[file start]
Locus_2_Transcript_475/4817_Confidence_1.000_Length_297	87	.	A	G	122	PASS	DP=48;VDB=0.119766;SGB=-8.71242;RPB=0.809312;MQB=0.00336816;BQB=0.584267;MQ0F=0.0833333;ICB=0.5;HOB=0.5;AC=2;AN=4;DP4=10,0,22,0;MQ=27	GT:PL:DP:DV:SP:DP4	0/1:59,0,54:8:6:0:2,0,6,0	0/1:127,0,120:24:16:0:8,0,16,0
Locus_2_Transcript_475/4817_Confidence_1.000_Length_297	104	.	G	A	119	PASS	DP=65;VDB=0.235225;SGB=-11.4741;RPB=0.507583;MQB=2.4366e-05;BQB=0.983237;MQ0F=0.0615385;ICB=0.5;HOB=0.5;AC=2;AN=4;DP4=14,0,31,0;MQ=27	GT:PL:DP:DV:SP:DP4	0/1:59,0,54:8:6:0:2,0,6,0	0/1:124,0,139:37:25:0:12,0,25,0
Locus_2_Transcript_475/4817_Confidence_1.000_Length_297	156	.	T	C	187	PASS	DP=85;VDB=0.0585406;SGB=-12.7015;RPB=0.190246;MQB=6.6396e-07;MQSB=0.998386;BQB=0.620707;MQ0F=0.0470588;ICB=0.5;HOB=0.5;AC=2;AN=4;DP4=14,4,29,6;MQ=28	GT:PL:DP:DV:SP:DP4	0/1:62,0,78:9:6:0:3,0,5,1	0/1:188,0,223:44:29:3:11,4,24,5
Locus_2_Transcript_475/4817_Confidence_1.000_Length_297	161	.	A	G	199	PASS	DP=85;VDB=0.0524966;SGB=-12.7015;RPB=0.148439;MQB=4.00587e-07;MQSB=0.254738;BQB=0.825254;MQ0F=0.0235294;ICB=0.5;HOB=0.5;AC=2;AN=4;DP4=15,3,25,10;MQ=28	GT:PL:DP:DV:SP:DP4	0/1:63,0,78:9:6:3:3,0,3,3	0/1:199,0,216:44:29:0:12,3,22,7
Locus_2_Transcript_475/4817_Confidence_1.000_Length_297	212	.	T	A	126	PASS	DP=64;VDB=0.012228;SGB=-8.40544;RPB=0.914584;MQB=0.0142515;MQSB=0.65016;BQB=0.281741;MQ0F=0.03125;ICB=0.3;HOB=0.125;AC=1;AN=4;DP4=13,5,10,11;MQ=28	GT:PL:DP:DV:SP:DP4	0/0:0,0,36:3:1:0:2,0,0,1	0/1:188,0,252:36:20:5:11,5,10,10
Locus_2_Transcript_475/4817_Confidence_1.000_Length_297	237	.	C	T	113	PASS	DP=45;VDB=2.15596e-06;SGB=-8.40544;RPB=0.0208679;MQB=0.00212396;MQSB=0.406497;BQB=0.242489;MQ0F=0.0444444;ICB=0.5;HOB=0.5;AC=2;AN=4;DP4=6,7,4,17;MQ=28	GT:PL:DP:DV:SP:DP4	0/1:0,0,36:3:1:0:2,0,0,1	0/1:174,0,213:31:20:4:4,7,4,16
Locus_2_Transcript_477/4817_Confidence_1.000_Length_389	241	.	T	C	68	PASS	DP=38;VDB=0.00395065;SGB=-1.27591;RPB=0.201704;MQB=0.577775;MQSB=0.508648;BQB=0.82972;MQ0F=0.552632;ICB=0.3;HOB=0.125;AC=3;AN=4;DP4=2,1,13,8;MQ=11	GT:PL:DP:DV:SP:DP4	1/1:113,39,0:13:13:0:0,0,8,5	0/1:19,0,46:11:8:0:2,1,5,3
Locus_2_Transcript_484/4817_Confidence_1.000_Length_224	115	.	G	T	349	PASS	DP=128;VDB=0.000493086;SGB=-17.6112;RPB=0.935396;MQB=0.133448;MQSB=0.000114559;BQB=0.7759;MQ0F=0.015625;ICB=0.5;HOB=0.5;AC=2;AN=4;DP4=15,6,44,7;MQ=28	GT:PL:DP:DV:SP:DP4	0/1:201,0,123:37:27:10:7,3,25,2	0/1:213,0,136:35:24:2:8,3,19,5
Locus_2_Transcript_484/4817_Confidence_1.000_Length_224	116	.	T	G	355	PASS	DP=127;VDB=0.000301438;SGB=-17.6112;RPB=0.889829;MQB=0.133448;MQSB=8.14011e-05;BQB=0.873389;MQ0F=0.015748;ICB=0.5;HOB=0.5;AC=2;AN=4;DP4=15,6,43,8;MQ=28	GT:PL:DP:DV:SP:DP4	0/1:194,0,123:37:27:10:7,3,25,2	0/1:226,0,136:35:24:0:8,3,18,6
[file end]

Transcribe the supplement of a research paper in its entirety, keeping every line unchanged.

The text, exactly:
Locus_2_Transcript_475/4817_Confidence_1.000_Length_297	87	.	A	G	122	PASS	DP=48;VDB=0.119766;SGB=-8.71242;RPB=0.809312;MQB=0.00336816;BQB=0.584267;MQ0F=0.0833333;ICB=0.5;HOB=0.5;AC=2;AN=4;DP4=10,0,22,0;MQ=27	GT:PL:DP:DV:SP:DP4	0/1:59,0,54:8:6:0:2,0,6,0	0/1:127,0,120:24:16:0:8,0,16,0
Locus_2_Transcript_475/4817_Confidence_1.000_Length_297	104	.	G	A	119	PASS	DP=65;VDB=0.235225;SGB=-11.4741;RPB=0.507583;MQB=2.4366e-05;BQB=0.983237;MQ0F=0.0615385;ICB=0.5;HOB=0.5;AC=2;AN=4;DP4=14,0,31,0;MQ=27	GT:PL:DP:DV:SP:DP4	0/1:59,0,54:8:6:0:2,0,6,0	0/1:124,0,139:37:25:0:12,0,25,0
Locus_2_Transcript_475/4817_Confidence_1.000_Length_297	156	.	T	C	187	PASS	DP=85;VDB=0.0585406;SGB=-12.7015;RPB=0.190246;MQB=6.6396e-07;MQSB=0.998386;BQB=0.620707;MQ0F=0.0470588;ICB=0.5;HOB=0.5;AC=2;AN=4;DP4=14,4,29,6;MQ=28	GT:PL:DP:DV:SP:DP4	0/1:62,0,78:9:6:0:3,0,5,1	0/1:188,0,223:44:29:3:11,4,24,5
Locus_2_Transcript_475/4817_Confidence_1.000_Length_297	161	.	A	G	199	PASS	DP=85;VDB=0.0524966;SGB=-12.7015;RPB=0.148439;MQB=4.00587e-07;MQSB=0.254738;BQB=0.825254;MQ0F=0.0235294;ICB=0.5;HOB=0.5;AC=2;AN=4;DP4=15,3,25,10;MQ=28	GT:PL:DP:DV:SP:DP4	0/1:63,0,78:9:6:3:3,0,3,3	0/1:199,0,216:44:29:0:12,3,22,7
Locus_2_Transcript_475/4817_Confidence_1.000_Length_297	212	.	T	A	126	PASS	DP=64;VDB=0.012228;SGB=-8.40544;RPB=0.914584;MQB=0.0142515;MQSB=0.65016;BQB=0.281741;MQ0F=0.03125;ICB=0.3;HOB=0.125;AC=1;AN=4;DP4=13,5,10,11;MQ=28	GT:PL:DP:DV:SP:DP4	0/0:0,0,36:3:1:0:2,0,0,1	0/1:188,0,252:36:20:5:11,5,10,10
Locus_2_Transcript_475/4817_Confidence_1.000_Length_297	237	.	C	T	113	PASS	DP=45;VDB=2.15596e-06;SGB=-8.40544;RPB=0.0208679;MQB=0.00212396;MQSB=0.406497;BQB=0.242489;MQ0F=0.0444444;ICB=0.5;HOB=0.5;AC=2;AN=4;DP4=6,7,4,17;MQ=28	GT:PL:DP:DV:SP:DP4	0/1:0,0,36:3:1:0:2,0,0,1	0/1:174,0,213:31:20:4:4,7,4,16
Locus_2_Transcript_477/4817_Confidence_1.000_Length_389	241	.	T	C	68	PASS	DP=38;VDB=0.00395065;SGB=-1.27591;RPB=0.201704;MQB=0.577775;MQSB=0.508648;BQB=0.82972;MQ0F=0.552632;ICB=0.3;HOB=0.125;AC=3;AN=4;DP4=2,1,13,8;MQ=11	GT:PL:DP:DV:SP:DP4	1/1:113,39,0:13:13:0:0,0,8,5	0/1:19,0,46:11:8:0:2,1,5,3
Locus_2_Transcript_484/4817_Confidence_1.000_Length_224	115	.	G	T	349	PASS	DP=128;VDB=0.000493086;SGB=-17.6112;RPB=0.935396;MQB=0.133448;MQSB=0.000114559;BQB=0.7759;MQ0F=0.015625;ICB=0.5;HOB=0.5;AC=2;AN=4;DP4=15,6,44,7;MQ=28	GT:PL:DP:DV:SP:DP4	0/1:201,0,123:37:27:10:7,3,25,2	0/1:213,0,136:35:24:2:8,3,19,5
Locus_2_Transcript_484/4817_Confidence_1.000_Length_224	116	.	T	G	355	PASS	DP=127;VDB=0.000301438;SGB=-17.6112;RPB=0.889829;MQB=0.133448;MQSB=8.14011e-05;BQB=0.873389;MQ0F=0.015748;ICB=0.5;HOB=0.5;AC=2;AN=4;DP4=15,6,43,8;MQ=28	GT:PL:DP:DV:SP:DP4	0/1:194,0,123:37:27:10:7,3,25,2	0/1:226,0,136:35:24:0:8,3,18,6